Of course, trying to take photos around the people taking photos of their loved ones holding up the tower, pushing the tower over or catching the tower ( – so lame ;-)) is a nightmare.
We had tickets to go up the tower and for the cathedral, so after selling our souls to buy a couple of coffees and three two-sip hot chocolates, we went into the cathedral. The inside is as beautiful as the outside. The mosaics and the ceilings were simply stunning. I’m not one for being able to describe things in words, so the pictures will have to do to try to explain the magnitude of their beauty.
On leaving the tower, we paid to have a wee (well, what did you expect?) and had a half hour wait for our slot up the tower.
The bell tower is now (allegedly – not that I’m remotely sceptical) totally secure in its tilt. Having been shut for many years in the late 1990’s they have now managed to stop it leaning further. Therefore, it is safe to climb again. It’s an incredible structure, surreal in fact. To think it was built only five years before it started to lean, yet there it has stood for a further 800 years. The reason it leans is that the foolish man built his house upon the sand (and didn’t put in strong enough foundations to support it). Initially it was only three stories high before it began to tilt, but engineering obviously wasn’t hung up about it, and the next three stories were then built on top, but each with a small angle to the contrary of the one below to try to ‘rectify’ the lean. Rather than this solving the issue, it left the tower with a banana shaped lean. I’d heard many people say that it gives a very weird feeling when you’re inside. I have to say I didn’t feel this so much, despite a plumb line insisting I was on a slant, perhaps this says something about my own stance? However, you certainly feel it on the top, particularly if you walk around the bell tower level from one side to the other and suddenly you seem to be lower.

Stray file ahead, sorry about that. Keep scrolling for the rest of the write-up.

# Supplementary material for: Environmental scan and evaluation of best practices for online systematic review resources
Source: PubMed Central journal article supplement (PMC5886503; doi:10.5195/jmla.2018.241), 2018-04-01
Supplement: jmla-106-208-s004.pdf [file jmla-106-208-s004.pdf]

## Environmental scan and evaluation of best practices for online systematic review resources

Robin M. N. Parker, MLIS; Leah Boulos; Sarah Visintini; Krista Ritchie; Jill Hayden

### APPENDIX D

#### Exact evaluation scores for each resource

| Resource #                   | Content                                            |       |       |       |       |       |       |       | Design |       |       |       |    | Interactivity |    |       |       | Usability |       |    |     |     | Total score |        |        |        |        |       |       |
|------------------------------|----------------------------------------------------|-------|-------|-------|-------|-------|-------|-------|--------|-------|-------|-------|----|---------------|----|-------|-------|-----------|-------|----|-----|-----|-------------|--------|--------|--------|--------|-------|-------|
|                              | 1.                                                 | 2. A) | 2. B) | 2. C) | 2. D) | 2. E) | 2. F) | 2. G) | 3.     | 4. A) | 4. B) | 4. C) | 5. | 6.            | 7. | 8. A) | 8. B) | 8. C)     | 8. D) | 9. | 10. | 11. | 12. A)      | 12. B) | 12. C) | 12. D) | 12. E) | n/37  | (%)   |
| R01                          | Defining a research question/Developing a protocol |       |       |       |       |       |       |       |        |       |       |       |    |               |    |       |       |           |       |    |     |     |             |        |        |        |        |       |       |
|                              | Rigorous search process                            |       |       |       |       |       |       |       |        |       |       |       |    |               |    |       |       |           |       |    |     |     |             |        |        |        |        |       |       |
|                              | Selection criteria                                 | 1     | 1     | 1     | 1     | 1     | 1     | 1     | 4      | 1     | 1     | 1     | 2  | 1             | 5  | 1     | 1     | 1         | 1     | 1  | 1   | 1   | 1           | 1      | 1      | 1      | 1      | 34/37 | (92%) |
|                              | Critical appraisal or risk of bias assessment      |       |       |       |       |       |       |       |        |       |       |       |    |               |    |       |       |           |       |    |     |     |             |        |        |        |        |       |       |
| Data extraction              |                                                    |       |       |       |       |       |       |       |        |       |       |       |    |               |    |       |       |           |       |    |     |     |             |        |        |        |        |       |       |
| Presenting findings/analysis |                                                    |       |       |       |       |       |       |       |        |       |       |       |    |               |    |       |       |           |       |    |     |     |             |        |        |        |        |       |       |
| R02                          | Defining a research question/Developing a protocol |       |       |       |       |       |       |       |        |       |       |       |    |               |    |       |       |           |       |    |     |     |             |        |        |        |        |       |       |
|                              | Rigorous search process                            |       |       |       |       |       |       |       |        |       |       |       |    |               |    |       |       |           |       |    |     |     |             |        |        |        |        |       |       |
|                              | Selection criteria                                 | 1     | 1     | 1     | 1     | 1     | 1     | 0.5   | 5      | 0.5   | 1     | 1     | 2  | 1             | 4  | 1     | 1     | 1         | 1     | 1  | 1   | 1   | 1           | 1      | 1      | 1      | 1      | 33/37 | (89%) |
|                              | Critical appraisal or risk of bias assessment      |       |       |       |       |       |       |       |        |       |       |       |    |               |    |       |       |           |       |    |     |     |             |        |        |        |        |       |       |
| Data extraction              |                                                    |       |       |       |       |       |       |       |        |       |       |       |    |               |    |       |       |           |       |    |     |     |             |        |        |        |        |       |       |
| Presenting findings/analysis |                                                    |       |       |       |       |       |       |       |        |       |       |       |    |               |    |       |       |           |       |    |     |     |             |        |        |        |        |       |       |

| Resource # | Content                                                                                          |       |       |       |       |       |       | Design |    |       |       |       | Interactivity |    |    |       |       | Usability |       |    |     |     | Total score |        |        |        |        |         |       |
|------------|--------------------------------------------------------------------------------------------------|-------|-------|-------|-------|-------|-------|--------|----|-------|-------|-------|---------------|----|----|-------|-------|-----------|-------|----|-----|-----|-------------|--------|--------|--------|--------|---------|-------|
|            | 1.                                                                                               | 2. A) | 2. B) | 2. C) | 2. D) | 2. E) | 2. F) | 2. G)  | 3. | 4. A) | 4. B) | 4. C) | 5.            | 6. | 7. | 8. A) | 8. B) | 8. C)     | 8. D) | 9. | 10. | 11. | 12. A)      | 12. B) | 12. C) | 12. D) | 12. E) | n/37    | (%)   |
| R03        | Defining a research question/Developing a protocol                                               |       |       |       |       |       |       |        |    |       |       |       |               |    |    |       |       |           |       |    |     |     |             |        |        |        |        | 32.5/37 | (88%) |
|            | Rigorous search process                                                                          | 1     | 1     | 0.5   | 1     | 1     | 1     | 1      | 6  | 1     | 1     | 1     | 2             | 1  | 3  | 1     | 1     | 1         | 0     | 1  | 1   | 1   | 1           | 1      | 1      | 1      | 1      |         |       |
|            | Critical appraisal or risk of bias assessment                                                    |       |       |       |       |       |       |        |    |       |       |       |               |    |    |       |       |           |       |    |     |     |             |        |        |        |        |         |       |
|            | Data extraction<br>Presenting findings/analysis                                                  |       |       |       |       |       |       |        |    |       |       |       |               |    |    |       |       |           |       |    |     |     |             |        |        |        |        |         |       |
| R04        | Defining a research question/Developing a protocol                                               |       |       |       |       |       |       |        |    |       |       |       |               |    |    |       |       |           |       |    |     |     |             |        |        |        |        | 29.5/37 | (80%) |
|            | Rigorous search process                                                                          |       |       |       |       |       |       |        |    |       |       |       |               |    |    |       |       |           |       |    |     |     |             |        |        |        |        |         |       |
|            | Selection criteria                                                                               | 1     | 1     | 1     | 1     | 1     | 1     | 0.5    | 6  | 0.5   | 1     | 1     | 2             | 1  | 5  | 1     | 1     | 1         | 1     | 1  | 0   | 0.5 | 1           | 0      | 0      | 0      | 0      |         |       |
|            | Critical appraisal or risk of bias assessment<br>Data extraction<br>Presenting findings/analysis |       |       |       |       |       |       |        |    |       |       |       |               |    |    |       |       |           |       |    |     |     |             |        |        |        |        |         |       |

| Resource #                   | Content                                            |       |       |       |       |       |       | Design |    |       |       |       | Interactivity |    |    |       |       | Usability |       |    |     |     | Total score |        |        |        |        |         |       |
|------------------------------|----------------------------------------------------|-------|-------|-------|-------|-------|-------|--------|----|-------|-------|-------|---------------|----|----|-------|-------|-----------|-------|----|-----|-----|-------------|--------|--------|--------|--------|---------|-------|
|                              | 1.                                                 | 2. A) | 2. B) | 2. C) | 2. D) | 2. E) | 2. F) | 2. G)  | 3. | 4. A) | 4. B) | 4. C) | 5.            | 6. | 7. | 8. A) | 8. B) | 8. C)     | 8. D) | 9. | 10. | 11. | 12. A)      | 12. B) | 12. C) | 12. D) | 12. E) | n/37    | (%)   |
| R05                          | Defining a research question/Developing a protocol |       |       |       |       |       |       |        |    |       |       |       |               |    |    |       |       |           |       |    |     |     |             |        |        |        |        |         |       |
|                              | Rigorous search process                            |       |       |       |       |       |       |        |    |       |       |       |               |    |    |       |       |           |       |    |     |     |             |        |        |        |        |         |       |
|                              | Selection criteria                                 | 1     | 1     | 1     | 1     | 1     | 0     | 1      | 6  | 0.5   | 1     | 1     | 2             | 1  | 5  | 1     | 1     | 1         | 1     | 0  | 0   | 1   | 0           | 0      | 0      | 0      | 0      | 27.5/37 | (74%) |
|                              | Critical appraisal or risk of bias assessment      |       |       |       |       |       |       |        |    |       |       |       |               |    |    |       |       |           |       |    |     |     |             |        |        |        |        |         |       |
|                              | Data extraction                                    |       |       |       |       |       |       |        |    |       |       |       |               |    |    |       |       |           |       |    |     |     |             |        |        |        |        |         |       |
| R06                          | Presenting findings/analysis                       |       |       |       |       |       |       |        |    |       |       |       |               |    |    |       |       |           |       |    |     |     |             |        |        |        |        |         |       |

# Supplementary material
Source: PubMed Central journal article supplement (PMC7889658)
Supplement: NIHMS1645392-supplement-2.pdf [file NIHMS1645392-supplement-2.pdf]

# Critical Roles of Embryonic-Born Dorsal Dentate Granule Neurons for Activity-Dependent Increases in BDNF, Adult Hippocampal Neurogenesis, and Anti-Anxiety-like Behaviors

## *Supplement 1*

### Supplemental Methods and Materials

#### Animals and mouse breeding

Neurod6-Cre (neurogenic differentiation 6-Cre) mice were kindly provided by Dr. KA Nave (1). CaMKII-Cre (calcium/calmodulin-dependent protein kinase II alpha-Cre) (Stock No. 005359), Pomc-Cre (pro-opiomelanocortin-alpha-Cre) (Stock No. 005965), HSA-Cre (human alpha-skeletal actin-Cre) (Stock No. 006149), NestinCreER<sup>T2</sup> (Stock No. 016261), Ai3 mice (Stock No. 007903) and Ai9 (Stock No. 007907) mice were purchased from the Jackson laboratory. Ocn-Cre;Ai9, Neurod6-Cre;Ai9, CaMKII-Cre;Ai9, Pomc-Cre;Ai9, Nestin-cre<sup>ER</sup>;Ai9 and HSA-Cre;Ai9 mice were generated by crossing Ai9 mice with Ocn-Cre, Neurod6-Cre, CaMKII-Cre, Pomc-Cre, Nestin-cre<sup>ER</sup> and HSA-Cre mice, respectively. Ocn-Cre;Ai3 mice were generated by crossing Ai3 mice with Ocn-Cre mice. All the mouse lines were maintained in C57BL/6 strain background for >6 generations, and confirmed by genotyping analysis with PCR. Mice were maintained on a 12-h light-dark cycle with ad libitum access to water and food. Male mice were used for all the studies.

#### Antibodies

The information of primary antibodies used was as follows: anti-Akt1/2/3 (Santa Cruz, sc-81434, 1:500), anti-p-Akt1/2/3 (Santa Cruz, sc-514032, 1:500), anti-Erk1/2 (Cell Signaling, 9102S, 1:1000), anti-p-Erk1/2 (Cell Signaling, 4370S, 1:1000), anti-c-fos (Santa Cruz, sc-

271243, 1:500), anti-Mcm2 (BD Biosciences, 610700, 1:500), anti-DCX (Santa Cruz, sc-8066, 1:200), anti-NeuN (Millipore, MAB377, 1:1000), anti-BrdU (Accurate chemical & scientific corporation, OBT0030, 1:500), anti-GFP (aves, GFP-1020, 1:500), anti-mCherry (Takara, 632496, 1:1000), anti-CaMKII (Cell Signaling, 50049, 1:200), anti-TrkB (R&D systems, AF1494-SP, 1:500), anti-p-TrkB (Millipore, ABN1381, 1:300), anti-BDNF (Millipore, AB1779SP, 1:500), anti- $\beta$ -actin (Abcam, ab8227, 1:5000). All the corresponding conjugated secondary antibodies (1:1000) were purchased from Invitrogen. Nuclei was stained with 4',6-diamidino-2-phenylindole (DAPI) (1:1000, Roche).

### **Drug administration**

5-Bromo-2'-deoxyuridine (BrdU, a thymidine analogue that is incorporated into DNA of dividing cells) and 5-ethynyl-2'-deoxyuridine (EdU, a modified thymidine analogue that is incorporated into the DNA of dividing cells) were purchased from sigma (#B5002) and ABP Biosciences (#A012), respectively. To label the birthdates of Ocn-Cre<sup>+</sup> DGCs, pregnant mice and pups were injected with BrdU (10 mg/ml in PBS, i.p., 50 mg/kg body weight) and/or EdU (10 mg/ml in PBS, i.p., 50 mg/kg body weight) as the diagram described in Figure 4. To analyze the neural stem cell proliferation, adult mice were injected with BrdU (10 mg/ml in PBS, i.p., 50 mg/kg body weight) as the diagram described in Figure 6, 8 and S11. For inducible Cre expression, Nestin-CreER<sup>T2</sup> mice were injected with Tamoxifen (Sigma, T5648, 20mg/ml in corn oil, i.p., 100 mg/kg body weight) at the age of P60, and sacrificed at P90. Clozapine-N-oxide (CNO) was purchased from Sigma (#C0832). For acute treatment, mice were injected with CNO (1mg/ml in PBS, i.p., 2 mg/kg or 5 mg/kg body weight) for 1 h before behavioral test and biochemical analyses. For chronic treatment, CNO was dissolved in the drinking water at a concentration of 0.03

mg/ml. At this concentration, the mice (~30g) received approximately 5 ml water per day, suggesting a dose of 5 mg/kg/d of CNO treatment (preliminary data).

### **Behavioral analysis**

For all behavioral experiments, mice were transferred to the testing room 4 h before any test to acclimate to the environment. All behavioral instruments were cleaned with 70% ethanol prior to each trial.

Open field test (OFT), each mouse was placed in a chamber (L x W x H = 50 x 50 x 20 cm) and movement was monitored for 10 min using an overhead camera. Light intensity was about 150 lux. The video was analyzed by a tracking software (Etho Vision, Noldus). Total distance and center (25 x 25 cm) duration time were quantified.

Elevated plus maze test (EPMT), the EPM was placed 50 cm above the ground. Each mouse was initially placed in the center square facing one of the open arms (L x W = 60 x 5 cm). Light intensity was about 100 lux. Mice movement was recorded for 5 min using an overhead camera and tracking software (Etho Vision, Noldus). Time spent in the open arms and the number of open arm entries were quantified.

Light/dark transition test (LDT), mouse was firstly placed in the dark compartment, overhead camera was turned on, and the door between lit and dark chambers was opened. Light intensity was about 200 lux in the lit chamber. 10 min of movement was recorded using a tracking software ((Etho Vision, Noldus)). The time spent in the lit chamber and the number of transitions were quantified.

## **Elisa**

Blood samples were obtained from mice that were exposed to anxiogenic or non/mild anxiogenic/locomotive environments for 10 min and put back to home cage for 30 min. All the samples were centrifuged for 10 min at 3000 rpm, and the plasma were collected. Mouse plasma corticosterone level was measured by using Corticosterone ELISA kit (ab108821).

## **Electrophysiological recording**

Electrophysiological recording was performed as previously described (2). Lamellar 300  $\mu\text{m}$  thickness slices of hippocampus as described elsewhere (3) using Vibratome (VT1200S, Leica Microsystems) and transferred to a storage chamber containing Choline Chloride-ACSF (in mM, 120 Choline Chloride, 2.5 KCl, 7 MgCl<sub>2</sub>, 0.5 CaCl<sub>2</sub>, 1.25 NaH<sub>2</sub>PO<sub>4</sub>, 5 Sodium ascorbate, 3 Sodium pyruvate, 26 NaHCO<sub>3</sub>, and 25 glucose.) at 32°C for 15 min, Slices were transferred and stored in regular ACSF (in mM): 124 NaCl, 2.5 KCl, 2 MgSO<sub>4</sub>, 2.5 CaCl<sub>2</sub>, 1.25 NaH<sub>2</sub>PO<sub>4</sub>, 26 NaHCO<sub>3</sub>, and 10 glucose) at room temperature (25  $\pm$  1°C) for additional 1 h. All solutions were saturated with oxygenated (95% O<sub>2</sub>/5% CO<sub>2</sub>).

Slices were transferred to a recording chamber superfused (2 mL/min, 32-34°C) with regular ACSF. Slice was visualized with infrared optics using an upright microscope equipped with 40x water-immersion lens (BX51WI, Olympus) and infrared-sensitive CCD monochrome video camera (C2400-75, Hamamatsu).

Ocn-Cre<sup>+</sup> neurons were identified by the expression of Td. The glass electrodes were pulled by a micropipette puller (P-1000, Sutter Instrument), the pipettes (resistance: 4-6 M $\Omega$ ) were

It’s a good trog up and down, not for the faint-hearted, but definitely worth it, particularly if, like much Italian architecture, it’s one day going to end up under sand or water!
Today we were due back at the Thermal baths, however, the night last night was hot, hot, hot, and no one slept particularly well, the haze over the sea gives a distinct impression of a later storm, we’re going to stay close to home, read some typical holiday trash, go to Conad’s for lunch supplies and use the local café to hook up to the net later. Tomorrow, we’ll try the baths if the weather looks less unsavoury, then we’re off to Siena on the train on Wednesday, Volterra again on Thursday, and the baths on Friday if we don’t find anyone to take us out on a boat around the coast and home on Saturday. Hopefully we’ll catch up after Siena.